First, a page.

Chapter 37 Radionuclide imaging
The aim of this chapter is to introduce the reader to the basis of the technology used in radionuclide imaging. The information available on a nuclear medicine scan will be compared with the information available on other forms of medical imaging.
37.2 Basic concept of radionuclide imaging
37.3 Production of artificially produced radionuclides
37.3.1 The nuclear reactor
The nuclear reactor (or pile) produces heat energy by controlled fission (see Sect. 19.9). The heat generated within the reactor raises the temperature of a coolant which in turn is used to heat water to produce steam. The steam can then drive very powerful electric generators. This is the basis of nuclear power stations.
A simplified diagram of such a reactor is shown in Figure 37.1 (see page 272). The controlled fission is produced by using the neutrons of fissile decay to produce further fission in other atoms. Thus, a sustained reaction can be set up where one neutron released during the fission of a nucleus will interact with another nucleus to produce fission of that nucleus with the release of further neutrons.
Nuclear reactors are important in radionuclide imaging in that they allow us to insert samples into the neutron flux within the reactor. This results in neutrons being inserted into nuclei to allow the manufacture of artificial radionuclides. An example of this is that stable molybdenum-98 can be made to absorb a neutron to produce the radionuclide molybdenum-99. The reaction may be shown using the equation below:
37.3.2 The technetium generator
It is not feasible to produce nuclei with very short half-lives at a remote site and then transport these to the hospital. Such radionuclides are produced at the hospital’s radiopharmacy either by the use of a technetium generator or by the use of a medical cyclotron.
The technetium generator used in nuclear medicine is an important example of the production of artificial radionuclides. As mentioned in Section 37.3.1, if molybdenum-98 is placed in a neutron stream, the nuclei of the molybdenum atoms can be made to absorb the neutrons to produce molybdenum-99. The capture of a neutron raises the energy of the resulting molybdenum-99 nuclei and each loses this energy by the prompt emission of a gamma-ray.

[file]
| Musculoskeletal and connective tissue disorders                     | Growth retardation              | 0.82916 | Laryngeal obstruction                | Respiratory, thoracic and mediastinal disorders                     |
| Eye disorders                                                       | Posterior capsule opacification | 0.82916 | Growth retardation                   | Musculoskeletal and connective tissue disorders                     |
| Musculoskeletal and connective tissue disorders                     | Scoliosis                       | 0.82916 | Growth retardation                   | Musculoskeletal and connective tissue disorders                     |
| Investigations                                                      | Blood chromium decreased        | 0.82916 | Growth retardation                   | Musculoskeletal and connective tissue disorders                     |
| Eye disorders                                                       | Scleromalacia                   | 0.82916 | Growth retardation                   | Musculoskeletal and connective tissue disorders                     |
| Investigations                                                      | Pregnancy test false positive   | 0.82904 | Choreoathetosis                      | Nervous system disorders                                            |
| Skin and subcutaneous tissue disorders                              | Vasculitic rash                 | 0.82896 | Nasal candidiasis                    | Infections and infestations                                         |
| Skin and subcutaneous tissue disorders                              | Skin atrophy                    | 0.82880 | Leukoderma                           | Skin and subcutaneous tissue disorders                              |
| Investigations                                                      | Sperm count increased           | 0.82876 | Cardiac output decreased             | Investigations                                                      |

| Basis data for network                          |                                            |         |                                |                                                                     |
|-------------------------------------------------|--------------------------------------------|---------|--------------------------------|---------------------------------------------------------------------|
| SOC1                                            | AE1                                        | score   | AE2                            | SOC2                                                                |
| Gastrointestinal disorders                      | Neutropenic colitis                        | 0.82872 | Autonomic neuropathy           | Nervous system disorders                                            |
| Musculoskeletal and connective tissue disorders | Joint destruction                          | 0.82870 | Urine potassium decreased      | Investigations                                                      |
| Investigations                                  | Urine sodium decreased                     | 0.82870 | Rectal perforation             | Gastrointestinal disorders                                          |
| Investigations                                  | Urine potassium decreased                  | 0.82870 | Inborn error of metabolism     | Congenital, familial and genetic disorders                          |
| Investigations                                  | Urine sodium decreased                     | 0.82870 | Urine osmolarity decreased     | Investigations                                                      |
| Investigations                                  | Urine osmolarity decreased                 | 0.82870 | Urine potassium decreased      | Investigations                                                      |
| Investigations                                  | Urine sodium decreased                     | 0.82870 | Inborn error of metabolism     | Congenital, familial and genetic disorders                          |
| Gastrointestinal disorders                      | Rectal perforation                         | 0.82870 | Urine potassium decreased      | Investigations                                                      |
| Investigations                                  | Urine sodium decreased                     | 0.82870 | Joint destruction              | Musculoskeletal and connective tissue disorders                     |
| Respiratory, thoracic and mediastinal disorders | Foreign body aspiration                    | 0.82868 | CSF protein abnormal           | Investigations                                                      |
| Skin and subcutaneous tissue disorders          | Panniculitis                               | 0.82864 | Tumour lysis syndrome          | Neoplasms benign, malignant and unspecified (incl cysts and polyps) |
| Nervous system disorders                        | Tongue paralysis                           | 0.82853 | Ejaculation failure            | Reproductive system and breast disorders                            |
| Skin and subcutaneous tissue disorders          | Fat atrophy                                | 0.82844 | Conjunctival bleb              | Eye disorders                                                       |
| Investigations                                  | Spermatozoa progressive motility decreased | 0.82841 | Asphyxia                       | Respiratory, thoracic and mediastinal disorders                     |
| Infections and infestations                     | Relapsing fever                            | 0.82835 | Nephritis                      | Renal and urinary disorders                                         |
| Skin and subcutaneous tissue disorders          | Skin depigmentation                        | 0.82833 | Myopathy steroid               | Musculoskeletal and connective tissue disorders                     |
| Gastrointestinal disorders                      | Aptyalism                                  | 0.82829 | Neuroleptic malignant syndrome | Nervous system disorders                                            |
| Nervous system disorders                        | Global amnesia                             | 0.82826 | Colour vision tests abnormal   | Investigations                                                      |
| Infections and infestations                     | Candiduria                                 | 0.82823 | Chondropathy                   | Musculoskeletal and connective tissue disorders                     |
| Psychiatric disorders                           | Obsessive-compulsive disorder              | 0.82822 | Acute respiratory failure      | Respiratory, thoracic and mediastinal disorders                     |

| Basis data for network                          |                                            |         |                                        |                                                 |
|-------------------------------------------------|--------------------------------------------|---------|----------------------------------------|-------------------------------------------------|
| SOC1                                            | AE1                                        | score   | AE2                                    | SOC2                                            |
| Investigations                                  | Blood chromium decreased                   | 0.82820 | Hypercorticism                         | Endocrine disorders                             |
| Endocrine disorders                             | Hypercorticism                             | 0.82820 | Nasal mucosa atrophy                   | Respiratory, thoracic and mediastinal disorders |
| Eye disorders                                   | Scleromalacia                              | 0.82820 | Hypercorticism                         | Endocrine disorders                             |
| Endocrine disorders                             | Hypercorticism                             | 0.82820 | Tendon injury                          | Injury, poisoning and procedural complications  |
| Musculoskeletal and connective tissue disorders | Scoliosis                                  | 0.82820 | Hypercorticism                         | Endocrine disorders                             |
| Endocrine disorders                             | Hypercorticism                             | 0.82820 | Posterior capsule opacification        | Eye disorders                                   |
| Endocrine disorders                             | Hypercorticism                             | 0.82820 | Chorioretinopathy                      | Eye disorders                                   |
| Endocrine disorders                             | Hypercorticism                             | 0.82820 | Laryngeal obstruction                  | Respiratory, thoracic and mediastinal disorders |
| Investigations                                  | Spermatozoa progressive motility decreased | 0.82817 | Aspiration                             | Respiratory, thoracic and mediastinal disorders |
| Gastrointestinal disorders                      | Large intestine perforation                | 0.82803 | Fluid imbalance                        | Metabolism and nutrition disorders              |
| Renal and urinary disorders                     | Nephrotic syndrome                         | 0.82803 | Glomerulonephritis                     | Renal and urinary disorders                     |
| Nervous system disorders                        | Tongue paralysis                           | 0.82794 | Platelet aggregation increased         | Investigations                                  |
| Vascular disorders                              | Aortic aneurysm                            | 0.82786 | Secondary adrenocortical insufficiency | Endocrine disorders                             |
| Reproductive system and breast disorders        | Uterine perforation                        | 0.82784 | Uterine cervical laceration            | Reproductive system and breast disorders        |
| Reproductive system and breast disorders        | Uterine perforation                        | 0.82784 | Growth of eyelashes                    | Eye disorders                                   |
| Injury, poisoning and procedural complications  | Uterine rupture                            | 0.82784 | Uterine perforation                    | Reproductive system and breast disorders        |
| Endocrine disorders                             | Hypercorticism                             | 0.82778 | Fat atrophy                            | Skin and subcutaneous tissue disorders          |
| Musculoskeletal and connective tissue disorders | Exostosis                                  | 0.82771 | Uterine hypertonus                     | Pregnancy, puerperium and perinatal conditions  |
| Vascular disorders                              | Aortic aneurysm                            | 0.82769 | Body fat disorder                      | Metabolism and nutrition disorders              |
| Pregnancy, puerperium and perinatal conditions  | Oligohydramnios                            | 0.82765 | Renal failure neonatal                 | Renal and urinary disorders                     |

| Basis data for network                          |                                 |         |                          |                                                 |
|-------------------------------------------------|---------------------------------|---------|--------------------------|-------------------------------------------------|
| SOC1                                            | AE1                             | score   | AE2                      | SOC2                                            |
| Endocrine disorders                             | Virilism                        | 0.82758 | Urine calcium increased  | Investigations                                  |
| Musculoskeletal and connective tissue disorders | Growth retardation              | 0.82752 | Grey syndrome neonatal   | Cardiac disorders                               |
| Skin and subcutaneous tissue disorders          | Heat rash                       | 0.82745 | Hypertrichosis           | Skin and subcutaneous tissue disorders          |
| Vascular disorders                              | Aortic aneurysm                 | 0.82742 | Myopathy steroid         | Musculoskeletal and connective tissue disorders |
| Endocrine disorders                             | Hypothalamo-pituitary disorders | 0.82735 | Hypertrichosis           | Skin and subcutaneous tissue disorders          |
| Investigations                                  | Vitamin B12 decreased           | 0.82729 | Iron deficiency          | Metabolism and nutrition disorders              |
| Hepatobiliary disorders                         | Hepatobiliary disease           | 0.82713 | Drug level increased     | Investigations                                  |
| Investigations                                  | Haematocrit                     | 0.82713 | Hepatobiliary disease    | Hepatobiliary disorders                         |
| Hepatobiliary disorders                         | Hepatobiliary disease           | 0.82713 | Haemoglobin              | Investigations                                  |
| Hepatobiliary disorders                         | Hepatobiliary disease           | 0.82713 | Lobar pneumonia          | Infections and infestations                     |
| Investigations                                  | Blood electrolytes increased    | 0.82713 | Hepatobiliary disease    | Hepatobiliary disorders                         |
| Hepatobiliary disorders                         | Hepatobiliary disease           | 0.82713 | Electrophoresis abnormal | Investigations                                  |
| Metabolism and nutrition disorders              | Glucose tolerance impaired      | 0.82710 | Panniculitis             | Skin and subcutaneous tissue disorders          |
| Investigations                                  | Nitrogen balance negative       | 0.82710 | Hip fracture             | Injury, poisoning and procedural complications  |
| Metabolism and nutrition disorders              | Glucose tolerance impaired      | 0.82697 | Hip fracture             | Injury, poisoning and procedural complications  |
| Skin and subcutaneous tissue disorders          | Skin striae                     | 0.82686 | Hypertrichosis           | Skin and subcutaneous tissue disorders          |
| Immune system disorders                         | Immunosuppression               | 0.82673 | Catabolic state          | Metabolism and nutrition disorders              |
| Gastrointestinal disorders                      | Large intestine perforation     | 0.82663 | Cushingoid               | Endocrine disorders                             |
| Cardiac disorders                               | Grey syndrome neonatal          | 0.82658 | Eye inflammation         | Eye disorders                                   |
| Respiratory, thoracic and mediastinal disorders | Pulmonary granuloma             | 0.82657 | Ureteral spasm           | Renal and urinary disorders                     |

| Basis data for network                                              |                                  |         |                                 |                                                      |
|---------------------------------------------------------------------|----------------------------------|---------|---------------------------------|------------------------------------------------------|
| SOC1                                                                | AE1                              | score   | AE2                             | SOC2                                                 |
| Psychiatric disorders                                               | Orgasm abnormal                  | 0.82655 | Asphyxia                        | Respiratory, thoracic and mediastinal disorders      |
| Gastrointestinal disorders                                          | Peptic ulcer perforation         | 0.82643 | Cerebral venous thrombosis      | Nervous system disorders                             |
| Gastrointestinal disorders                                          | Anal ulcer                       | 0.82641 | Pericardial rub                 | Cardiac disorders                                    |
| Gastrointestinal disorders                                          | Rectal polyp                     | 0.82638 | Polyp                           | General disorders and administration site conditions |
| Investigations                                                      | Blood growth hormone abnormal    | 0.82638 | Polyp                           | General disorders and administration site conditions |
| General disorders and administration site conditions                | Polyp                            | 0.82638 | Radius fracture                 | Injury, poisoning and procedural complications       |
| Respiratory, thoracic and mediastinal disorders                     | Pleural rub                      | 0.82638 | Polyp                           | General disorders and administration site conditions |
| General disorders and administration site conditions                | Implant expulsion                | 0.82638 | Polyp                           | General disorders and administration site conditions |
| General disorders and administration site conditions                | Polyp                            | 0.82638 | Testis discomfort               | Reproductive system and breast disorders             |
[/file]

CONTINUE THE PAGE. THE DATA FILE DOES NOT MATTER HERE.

A molybdenum-99/alumina column is in the centre of the generator, as shown in Figure 37.2 (see page 272). The molybdenum-99 has a half-life of 67 hours and decays to form technetium-99m by β−-particle emission, as shown below:
The is eluted (or flushed) from the generator at regular intervals as sodium pertechnetate. This radionuclide, which is in liquid form, may be used for a number of radionuclide imaging situations. The decays to by the emission of a gamma-ray of energy 140 keV. The metastable radionuclide has a half-life of 6 hours. Clearly, after a period of time, the activity of the molybdenum-99, and hence its ability to produce technetium 99m, will be reduced and the technetium generator must have its molybdenum-99/alumina column replaced.
A number of other radionuclides used in nuclear medicine can be produced from stable materials when they are bombarded with particles but further discussion about their production is beyond the scope of this section
37.3.3 Production of radionuclides using a cyclotron
The type of cyclotron used in nuclear medicine to produce artificial radionuclides by the bombardment of stable substances will briefly be described. A simple diagram of such a device is shown (see Fig. 37.3) (see page 272). The cyclotron consists of an evacuated cylinder which has an ion source placed at its centre. Ions from this source are influenced by strong axial and radial magnetic fields. This causes acceleration of the ions in circular paths of increasing radius. This ion beam achieves significant velocity and can be made to interact with materials placed at the exit port of the cyclotron. This interaction causes nuclear changes in these materials and we can produce neutron-deficient nuclei (see Sect. 19.5.1) which are capable of positron emission. Such materials form the basis of the radiopharmaceuticals used in positron emission tomography (PET) scanning. Figure 37.4 (see page 272) shows a photograph of such a medical cyclotron.
37.4 Clinically useful radionuclides
Radionuclides are used to diagnose and to treat certain conditions. When they are used for diagnosis, they may be labelled (chemically linked) to a certain radiopharmaceutical, thus encouraging their uptake by specific body parts. The labelled radionuclide may then be injected into, or ingested by, the patient. Such diagnostic techniques in nuclear medicine have three main uses:
1. To provide numerical or graphical information on organ physiology, e.g. technetium-labelled diethylene triamine penta-acetic acid (DTPA) will give information on the rate of excretion of this radionuclide by the kidneys, thus giving information on renal function.
2. To produce an image of organ physiology on a gamma camera, e.g. as pertechnetate may be injected into the patient to produce images of the skeletal physiology; this is for very useful early detection of metastatic spread into bone.